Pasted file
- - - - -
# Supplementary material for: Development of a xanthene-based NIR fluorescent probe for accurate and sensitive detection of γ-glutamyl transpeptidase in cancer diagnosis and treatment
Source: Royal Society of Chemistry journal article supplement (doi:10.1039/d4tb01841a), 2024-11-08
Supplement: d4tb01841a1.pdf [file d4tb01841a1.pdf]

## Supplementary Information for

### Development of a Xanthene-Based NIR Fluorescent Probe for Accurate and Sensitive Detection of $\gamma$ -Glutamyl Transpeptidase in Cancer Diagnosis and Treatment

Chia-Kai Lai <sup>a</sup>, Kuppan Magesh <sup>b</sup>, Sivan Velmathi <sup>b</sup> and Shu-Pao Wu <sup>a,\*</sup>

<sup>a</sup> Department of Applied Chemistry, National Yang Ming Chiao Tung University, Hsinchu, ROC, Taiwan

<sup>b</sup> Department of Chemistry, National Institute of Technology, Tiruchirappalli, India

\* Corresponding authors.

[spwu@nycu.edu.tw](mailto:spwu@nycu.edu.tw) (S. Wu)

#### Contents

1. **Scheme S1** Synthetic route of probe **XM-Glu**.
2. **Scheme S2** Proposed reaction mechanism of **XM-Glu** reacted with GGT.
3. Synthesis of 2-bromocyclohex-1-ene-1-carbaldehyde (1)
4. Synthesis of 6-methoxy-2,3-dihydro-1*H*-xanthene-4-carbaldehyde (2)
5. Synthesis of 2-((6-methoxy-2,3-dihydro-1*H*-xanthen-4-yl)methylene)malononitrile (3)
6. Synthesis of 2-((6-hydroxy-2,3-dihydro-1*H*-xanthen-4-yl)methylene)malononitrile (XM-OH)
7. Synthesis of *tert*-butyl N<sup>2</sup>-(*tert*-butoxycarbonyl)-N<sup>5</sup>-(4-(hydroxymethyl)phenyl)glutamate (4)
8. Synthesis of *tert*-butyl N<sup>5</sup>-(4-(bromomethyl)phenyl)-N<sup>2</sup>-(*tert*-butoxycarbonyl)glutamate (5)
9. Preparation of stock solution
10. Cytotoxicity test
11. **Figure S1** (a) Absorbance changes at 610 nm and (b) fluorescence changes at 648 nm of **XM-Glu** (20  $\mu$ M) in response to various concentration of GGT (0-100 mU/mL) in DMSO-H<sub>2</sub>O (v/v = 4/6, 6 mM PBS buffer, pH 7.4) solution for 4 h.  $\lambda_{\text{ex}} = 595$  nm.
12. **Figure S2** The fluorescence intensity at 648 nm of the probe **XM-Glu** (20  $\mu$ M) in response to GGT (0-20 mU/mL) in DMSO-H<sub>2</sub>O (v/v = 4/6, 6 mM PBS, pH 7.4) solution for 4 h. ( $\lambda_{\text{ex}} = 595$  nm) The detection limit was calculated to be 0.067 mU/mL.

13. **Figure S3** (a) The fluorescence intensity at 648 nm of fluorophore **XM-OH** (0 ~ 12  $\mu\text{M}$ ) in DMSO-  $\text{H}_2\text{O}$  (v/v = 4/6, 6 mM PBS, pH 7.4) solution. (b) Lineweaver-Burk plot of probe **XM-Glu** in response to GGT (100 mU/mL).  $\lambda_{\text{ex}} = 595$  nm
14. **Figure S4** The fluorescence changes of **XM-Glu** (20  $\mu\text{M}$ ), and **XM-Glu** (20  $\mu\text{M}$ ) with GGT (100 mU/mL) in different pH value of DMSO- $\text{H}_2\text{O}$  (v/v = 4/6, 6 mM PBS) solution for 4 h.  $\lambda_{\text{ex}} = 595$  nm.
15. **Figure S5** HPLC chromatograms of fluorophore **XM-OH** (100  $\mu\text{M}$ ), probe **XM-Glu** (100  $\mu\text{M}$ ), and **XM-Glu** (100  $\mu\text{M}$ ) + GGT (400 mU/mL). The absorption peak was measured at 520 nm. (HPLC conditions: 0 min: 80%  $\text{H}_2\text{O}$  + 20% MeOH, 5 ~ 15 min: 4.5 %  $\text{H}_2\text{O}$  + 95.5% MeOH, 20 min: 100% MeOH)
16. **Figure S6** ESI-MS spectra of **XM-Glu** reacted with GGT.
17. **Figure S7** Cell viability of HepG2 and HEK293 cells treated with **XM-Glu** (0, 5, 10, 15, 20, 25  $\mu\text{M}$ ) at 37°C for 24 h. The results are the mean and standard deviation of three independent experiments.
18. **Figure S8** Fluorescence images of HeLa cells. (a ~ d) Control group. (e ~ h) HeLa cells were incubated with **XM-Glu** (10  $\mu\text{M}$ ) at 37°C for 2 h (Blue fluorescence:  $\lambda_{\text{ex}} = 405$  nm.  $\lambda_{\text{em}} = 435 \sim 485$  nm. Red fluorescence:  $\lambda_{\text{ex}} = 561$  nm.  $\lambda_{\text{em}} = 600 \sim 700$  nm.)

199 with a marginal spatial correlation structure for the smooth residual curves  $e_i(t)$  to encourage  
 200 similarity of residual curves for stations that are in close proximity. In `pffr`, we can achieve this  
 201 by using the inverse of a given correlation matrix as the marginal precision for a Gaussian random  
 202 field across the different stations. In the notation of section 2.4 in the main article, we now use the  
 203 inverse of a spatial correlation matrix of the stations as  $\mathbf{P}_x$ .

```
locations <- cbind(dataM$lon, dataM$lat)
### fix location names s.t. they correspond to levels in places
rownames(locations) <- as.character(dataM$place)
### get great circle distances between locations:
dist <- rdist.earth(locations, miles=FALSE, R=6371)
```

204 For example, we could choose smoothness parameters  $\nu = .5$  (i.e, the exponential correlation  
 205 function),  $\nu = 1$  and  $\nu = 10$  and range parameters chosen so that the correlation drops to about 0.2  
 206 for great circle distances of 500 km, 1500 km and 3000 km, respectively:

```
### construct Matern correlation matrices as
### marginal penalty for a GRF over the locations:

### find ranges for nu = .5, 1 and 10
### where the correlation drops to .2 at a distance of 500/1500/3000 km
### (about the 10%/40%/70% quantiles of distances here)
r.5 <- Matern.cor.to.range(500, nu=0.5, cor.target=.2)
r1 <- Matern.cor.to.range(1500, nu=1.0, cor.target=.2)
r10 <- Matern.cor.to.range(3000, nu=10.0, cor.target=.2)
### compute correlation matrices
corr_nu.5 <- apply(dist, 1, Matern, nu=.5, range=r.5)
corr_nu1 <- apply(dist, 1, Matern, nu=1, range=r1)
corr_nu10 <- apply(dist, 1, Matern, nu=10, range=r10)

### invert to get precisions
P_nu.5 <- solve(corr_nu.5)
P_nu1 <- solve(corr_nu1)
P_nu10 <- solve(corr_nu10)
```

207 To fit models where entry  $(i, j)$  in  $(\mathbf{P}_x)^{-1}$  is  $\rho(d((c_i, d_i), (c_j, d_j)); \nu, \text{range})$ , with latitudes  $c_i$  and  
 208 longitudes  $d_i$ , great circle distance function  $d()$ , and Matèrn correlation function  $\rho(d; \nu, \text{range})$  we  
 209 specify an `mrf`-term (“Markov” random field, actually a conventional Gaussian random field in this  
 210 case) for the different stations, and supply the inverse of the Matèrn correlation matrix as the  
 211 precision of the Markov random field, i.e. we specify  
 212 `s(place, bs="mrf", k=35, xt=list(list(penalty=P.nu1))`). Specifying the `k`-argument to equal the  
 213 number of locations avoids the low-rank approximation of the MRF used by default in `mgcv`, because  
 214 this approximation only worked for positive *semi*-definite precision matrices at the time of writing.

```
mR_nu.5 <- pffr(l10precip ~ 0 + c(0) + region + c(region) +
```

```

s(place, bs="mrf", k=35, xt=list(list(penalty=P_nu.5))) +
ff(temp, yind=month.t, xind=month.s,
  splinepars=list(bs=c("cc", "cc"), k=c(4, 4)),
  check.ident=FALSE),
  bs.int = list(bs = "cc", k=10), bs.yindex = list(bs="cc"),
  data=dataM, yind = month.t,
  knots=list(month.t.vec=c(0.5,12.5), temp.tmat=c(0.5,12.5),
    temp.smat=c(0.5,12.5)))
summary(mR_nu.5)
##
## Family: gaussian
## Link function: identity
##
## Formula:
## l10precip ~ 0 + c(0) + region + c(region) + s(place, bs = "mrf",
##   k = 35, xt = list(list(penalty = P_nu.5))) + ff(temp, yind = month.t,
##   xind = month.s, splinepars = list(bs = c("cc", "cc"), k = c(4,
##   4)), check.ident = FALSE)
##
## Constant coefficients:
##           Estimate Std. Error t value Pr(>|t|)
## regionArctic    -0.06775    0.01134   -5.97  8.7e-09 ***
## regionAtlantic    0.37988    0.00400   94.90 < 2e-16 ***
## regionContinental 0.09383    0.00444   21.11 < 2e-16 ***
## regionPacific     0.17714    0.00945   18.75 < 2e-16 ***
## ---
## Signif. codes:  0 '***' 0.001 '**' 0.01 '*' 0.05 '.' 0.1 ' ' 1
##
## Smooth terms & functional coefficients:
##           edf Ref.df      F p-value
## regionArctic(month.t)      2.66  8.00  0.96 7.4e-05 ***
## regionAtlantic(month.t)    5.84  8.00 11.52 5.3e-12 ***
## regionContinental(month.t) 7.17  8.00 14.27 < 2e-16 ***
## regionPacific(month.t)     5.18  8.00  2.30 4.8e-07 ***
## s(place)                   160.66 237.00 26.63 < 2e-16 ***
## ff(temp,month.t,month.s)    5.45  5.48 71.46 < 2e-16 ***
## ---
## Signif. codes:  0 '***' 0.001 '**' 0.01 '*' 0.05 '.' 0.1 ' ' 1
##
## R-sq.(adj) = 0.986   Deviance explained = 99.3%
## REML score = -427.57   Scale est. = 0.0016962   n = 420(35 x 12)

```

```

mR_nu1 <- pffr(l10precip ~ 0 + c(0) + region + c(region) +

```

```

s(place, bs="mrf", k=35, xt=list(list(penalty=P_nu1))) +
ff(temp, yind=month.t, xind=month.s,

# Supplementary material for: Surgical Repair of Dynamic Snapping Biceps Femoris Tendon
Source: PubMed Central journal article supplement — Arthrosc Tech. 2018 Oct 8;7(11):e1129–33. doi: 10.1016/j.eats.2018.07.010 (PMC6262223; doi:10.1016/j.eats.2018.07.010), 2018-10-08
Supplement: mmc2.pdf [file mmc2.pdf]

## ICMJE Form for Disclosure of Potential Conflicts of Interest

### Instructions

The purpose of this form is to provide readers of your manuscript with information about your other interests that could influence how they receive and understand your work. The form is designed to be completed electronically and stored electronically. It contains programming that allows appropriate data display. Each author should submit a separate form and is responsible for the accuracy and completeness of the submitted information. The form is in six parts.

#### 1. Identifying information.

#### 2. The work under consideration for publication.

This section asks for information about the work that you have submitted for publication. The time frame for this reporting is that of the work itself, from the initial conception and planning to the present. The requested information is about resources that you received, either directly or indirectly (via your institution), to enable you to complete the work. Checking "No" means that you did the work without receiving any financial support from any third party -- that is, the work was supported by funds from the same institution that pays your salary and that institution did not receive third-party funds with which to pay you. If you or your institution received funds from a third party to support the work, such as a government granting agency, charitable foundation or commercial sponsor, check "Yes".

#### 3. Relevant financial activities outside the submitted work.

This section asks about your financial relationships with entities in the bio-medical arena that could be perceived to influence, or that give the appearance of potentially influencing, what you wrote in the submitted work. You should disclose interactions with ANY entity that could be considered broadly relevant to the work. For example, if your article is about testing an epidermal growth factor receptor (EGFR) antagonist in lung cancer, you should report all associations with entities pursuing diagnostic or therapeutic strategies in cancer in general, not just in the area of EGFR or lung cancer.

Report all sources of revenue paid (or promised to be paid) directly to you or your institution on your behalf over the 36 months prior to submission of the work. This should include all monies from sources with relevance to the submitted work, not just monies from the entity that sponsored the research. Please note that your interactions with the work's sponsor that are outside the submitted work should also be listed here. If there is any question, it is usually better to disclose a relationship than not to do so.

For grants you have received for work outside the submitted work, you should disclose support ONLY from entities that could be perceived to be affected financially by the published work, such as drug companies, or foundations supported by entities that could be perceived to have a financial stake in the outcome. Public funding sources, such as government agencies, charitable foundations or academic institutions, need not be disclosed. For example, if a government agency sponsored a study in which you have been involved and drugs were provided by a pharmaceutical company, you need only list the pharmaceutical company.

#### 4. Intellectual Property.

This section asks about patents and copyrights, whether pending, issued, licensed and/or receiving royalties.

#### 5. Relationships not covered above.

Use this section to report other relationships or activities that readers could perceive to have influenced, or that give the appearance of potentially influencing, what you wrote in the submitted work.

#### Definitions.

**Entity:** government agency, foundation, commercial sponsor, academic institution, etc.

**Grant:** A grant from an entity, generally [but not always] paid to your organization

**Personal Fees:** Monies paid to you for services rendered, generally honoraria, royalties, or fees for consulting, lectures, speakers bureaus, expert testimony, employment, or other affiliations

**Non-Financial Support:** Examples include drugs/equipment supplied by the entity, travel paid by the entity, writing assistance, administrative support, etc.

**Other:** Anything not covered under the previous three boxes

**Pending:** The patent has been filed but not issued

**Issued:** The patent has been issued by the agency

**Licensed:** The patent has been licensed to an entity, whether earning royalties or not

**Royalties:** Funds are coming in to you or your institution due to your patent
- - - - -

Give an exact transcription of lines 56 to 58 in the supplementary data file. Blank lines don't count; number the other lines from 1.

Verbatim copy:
corr_nu1 <- apply(dist, 1, Matern, nu=1, range=r1)
corr_nu10 <- apply(dist, 1, Matern, nu=10, range=r10)

### invert to get precisions